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Saturday, October 30, 2010

U.S. Nuclear Renaissance Stalling?

The Center supports nuclear power and was the first environmental group in the USA to publicly and aggressively support the technology. The Center remains the ONLY environmental group in the USA that legitimately supports the technology. Yet, individual neopronuclear green converts do not acknowledge the Center's groundbreaking nuclear work and the nuclear industry prefers to promote their Clean and Safe Energy (CASE) Coalition. Fine.  But now the best solution for mitigating global warming is at risk and it should be 'all hands on deck.'  The price of new reactors has stalled the renaissance.  Our colleagues in the environmental movement lost on the environmental merits of nuclear power and are left to celebrate the cost hurdle instead.

The Constellation Energy Group 3rd nuclear nuclear debacle clearly does not help our case.  That was ugly.  Brutal.  As nasty a divorce as we have observed in any sector.  Electricite de France (EdF) is now left to put together the pieces from that prenup to try to get  new reactors built in the USA.  The Center stands ready to assist them in any way we can to accomplish this mission, both in the USA and abroad.  In the USA, our take is that it might be easier to build with a new partner in New York or Mississippi than to build in Maryland.  Our assessment is that the divorce probably did not leave a good taste in the mouth of either partner for Maryland.  And this distresses us because our president lives in Maryland and presented statements before the Nuclear Regulatory Commission (NRC) in support of Calvert Cliffs 3.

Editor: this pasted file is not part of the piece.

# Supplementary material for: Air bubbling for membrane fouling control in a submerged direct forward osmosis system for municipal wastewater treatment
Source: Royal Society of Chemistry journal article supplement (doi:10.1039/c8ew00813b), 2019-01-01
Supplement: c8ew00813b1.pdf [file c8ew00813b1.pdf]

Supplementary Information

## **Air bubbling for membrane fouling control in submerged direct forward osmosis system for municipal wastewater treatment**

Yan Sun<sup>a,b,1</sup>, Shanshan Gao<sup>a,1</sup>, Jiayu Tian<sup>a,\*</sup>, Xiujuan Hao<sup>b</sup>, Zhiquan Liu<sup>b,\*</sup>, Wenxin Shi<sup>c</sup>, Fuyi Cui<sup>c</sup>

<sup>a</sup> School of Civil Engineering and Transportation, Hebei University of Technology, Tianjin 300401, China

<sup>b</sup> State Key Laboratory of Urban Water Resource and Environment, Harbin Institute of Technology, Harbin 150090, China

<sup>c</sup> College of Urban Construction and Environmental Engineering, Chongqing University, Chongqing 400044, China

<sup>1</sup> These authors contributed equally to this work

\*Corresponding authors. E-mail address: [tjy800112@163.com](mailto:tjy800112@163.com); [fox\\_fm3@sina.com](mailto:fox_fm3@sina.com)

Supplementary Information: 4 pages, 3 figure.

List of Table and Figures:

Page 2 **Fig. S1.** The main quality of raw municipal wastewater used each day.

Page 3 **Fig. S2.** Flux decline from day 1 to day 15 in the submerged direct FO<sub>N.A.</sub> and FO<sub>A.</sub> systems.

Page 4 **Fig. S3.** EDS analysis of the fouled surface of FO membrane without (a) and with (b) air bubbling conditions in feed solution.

We hope that EdF will find a partner in Exelon an/or Entergy because both are very good companies and have excellent records in operating nuclear power plants. We mentioned Mississippi because we believe Port Gibson, Mississippi would be an excellent site for EdF to build its EPR.   In addition to Constellation-owned units of Ginna and Nine Mile Point in New York, Entergy also has the nearby James Fitzpatrick Reactor that could use another unit or two at that site.  Ideally 3 more units could be added to those 3 sites.

Sigh. We have been at this for 10 years and the future is not looking very good for new nuclear power plants.  And to be honest, we are more than a little concerned about the current aging fleet of reactors.  And so is the nuclear industry.  That is why they presented statements at the recent Gulf oil spill hearings. The Center will continue with its aggressive and enthusiastic support for building new nuclear power plants. (The Baltimore Sun, 10/30/2010)

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